Movie Mom

Movie Mom


Smart People

posted by Nell Minow
B-
Lowest Recommended Age:High School
MPAA Rating:Rated R for language, brief teen drug and alcohol use, and for some sexuality.
Profanity:Very strong language
Nudity/Sex:Sexual references and non-explicit situations
Alcohol/Drugs:Drinking and drug use by adults and teen
Violence/Scariness:Peril, accident with injury, reference to sad off-screen death
Diversity Issues:None
Movie Release Date:April 11, 2008

A burned-out literature professor named Lawrence Wetherhold (Dennis Quaid) has written an “unpublishable” book called The Price of Postmodernism: Epistemology, Hermeneutics and the Literary Canon. Of course it is unpublishable. Everyone knows that the part of the title that comes before the colon in literary works is supposed to be self-consciously cutesy. A book like that should be called something like A Bad Slammin’ Groove: Epistemology, etc. I suppose it is a symptom of Lawrence’s ennui and disconnection that he has lost the essential ability for preserving that academic necessity: a snarky combination of smug superiority over popular culture and even smugger superiority over the ability to speak in its patois.

Lawrence, his college-student son James (Ashton Holmes from “A History of Violence”) and his college-applying high school senior daughter Vanessa (“Juno’s” Ellen Page) are each floating around in separate bell jars, suspended in space, all the air sucked out by anger and loss, all three unable to communicate and unaware of how much pain they are in. Lawrence’s brother Chuck (“my adopted brother,” he reminds everyone — played by Thomas Hayden Church) moves in. Yes, he will prove to be the life force confronting the dessicated souls so out of touch with their true feelings. But Church and the screenwriter, novelist Mark Poirier, give him more perspective and more spine than these characters usually display. “These children haven’t been properly parented in many years,” he tells one visitor. “They’re practically feral. That’s why I was brought in.” And he believes it.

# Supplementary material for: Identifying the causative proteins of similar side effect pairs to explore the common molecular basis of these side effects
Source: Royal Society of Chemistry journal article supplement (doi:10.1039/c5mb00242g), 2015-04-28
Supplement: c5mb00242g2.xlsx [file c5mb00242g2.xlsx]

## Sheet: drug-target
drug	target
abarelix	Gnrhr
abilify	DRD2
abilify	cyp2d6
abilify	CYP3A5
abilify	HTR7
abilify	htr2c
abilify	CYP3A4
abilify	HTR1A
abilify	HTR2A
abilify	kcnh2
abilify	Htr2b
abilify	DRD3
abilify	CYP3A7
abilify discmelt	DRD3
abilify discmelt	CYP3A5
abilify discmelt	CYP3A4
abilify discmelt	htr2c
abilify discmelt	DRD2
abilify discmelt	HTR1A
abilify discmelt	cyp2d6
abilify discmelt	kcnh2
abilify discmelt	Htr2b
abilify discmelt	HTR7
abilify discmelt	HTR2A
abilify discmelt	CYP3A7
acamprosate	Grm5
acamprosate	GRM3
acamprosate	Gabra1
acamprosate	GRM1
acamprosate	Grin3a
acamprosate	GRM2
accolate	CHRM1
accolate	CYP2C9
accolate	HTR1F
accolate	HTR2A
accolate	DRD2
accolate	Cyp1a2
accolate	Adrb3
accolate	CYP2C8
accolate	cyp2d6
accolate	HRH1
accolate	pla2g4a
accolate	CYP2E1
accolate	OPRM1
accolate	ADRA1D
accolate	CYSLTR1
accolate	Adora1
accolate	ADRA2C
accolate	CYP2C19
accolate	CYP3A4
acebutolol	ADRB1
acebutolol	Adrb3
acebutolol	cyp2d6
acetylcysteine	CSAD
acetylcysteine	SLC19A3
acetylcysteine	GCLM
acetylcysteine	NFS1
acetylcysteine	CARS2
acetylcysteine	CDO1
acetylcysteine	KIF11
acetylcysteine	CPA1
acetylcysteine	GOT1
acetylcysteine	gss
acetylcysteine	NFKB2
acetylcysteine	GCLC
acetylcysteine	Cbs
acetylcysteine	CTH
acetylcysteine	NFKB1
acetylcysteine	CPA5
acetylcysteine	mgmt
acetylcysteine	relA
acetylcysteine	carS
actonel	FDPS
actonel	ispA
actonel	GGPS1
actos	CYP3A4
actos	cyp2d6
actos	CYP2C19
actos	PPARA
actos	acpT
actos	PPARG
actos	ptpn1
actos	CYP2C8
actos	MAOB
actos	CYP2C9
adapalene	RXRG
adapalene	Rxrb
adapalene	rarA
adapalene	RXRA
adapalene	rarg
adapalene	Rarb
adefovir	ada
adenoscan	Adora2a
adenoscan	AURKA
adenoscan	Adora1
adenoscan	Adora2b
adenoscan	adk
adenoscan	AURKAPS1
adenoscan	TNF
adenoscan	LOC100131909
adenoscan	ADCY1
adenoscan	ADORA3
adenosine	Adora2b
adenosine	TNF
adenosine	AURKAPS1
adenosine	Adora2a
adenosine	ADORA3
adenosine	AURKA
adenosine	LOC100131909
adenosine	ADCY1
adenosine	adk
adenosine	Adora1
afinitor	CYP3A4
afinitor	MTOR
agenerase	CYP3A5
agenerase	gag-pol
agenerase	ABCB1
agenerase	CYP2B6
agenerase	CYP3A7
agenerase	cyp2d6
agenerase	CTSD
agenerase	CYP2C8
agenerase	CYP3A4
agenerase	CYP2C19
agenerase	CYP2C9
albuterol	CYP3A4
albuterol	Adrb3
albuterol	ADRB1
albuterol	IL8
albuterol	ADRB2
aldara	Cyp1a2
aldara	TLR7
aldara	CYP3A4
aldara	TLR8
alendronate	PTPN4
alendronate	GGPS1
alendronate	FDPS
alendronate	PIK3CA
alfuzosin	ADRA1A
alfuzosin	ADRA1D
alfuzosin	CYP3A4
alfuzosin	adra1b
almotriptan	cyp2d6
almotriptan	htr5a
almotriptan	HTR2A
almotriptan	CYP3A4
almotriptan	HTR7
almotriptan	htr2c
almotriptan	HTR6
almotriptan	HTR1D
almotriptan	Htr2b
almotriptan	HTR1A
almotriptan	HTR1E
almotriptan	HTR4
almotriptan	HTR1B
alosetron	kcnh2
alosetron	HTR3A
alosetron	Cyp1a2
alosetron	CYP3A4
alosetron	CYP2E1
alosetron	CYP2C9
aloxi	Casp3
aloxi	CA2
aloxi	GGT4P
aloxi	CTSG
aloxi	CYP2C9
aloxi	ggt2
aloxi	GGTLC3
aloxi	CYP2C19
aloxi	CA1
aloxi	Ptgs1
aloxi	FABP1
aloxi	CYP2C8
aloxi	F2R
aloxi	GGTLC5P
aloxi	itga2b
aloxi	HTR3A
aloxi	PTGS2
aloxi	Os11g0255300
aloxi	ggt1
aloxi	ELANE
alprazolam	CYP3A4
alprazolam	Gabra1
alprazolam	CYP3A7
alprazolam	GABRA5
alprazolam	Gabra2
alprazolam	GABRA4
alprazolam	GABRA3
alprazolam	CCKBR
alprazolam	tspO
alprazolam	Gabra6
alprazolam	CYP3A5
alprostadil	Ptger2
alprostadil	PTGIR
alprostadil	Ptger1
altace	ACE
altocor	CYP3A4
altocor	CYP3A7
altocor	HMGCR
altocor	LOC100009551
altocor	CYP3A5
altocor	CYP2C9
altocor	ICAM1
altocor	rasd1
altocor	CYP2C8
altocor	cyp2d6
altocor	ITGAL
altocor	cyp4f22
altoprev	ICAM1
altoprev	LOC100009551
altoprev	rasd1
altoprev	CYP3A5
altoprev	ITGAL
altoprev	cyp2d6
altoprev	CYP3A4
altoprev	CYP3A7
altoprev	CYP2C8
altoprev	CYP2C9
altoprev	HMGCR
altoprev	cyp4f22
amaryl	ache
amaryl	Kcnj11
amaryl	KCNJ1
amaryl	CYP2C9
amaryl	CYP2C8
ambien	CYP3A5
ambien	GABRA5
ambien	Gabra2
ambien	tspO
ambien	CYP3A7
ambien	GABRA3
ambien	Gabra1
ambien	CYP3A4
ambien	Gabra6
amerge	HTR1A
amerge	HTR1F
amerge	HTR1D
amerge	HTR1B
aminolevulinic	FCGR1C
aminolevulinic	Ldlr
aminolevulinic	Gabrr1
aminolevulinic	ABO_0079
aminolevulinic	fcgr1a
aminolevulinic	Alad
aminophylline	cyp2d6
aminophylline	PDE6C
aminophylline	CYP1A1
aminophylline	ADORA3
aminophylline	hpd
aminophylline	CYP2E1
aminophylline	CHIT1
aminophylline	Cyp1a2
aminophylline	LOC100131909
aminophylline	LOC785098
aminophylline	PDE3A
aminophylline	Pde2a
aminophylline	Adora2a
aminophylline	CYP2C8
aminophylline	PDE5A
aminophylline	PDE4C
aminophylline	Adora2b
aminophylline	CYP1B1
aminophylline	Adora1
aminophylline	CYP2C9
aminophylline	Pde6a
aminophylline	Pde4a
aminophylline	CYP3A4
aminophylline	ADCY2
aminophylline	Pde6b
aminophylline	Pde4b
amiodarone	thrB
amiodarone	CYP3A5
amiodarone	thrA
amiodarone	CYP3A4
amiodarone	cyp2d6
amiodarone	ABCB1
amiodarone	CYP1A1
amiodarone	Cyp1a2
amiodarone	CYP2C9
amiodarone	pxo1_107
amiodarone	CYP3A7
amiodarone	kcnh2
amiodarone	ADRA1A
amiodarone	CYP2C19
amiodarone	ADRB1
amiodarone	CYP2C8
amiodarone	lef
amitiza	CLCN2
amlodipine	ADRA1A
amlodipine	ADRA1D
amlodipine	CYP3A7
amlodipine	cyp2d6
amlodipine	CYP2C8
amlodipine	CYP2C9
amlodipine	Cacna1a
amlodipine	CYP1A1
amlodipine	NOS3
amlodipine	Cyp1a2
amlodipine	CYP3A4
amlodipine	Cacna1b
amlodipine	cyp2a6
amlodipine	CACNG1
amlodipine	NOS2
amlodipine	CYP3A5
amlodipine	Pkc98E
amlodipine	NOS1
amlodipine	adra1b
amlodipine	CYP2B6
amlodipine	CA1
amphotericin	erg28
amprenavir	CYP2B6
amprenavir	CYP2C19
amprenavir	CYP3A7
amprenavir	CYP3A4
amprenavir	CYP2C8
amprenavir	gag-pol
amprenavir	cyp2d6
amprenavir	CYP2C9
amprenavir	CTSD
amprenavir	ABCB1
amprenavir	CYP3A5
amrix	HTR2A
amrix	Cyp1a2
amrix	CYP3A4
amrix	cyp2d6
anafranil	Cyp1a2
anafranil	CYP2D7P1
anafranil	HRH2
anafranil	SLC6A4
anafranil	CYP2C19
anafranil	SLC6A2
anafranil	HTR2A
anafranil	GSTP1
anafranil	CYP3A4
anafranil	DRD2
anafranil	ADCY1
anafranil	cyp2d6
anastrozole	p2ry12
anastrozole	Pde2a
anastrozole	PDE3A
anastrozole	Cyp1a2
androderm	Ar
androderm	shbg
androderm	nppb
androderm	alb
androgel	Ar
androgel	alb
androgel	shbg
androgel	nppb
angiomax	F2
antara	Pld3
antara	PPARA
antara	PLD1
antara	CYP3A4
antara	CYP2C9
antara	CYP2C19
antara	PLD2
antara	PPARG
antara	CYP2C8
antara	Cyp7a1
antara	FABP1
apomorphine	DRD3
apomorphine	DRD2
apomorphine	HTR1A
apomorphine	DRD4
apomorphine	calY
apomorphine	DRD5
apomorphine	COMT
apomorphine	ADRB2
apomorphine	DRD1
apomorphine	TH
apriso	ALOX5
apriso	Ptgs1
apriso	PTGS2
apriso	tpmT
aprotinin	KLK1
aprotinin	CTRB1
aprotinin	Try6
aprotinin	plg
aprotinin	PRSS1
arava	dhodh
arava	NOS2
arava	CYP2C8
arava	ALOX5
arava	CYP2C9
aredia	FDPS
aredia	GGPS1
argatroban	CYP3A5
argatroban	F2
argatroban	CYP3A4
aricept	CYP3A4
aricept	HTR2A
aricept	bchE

Poirier appreciated literature and he knows how to create characters who talk (and don’t talk) about what is going on like educated people. He has not quite worked out the difference between a novel and a movie, however; he still tells too much and shows too little. An exceptional cast takes the material as far as it can go, but it still feels synthetic and its sense of tone is uncertain, biting here (faculty committee, unpublishable tome), sentimental there (how many times do we have to see a grieving spouse who can’t clean out the closet?). Quaid is especially strong and Parker lets us see her sweetness and longing, but Page’s and Church’s characters are underwritten and it feels like it all gets tied up too hastily. The characters might be too smart for their own good, but the movie could use a few more IQ points.



Previous Posts

The Hunger Games: Mockingjay
It seems no different at first. While the second in the "Hunger Games" series ended with the surprise last-minute rescue of heroine Katniss Everden (Jennifer Lawrence), and the even bigger surprise th

posted 5:59:24pm Nov. 20, 2014 | read full post »

Foxcatcher
John Eleuthère Du Pont was of the wealthiest men in the world. He was an ornithologist, a philatelist, a purchaser of military weapons (including a tank), a wrestling fan who set up a luxurious

posted 5:55:57pm Nov. 20, 2014 | read full post »

Trailer: Pitch Perfect 2 -- The Pitch is Back!!
[iframe width="560" height="315" src="//www.youtube.com/embed/KBwOYQd21TY?rel=0" frameborder="0"] Acca-can't wait.

posted 11:01:45am Nov. 20, 2014 | read full post »

Tribute: Mike Nichols
We mourn the loss of director Mike Nichols, who died yesterday at age 83, survived by his wife, television journalist Diane Sawyer. Nichols began as part of the 1950's improvisational movement coming o

posted 8:16:09am Nov. 20, 2014 | read full post »

Wonder Woman's Amazing Secret History
Historian Jill Lepore is one of my favorite writers and I am also a Comic-Con-attending fangirl, so I was thrilled to get a chance to hear Professor Lepore speak at the Smithsonian about her new book, Th

posted 8:00:45am Nov. 20, 2014 | read full post »




Report as Inappropriate

You are reporting this content because it violates the Terms of Service.

All reported content is logged for investigation.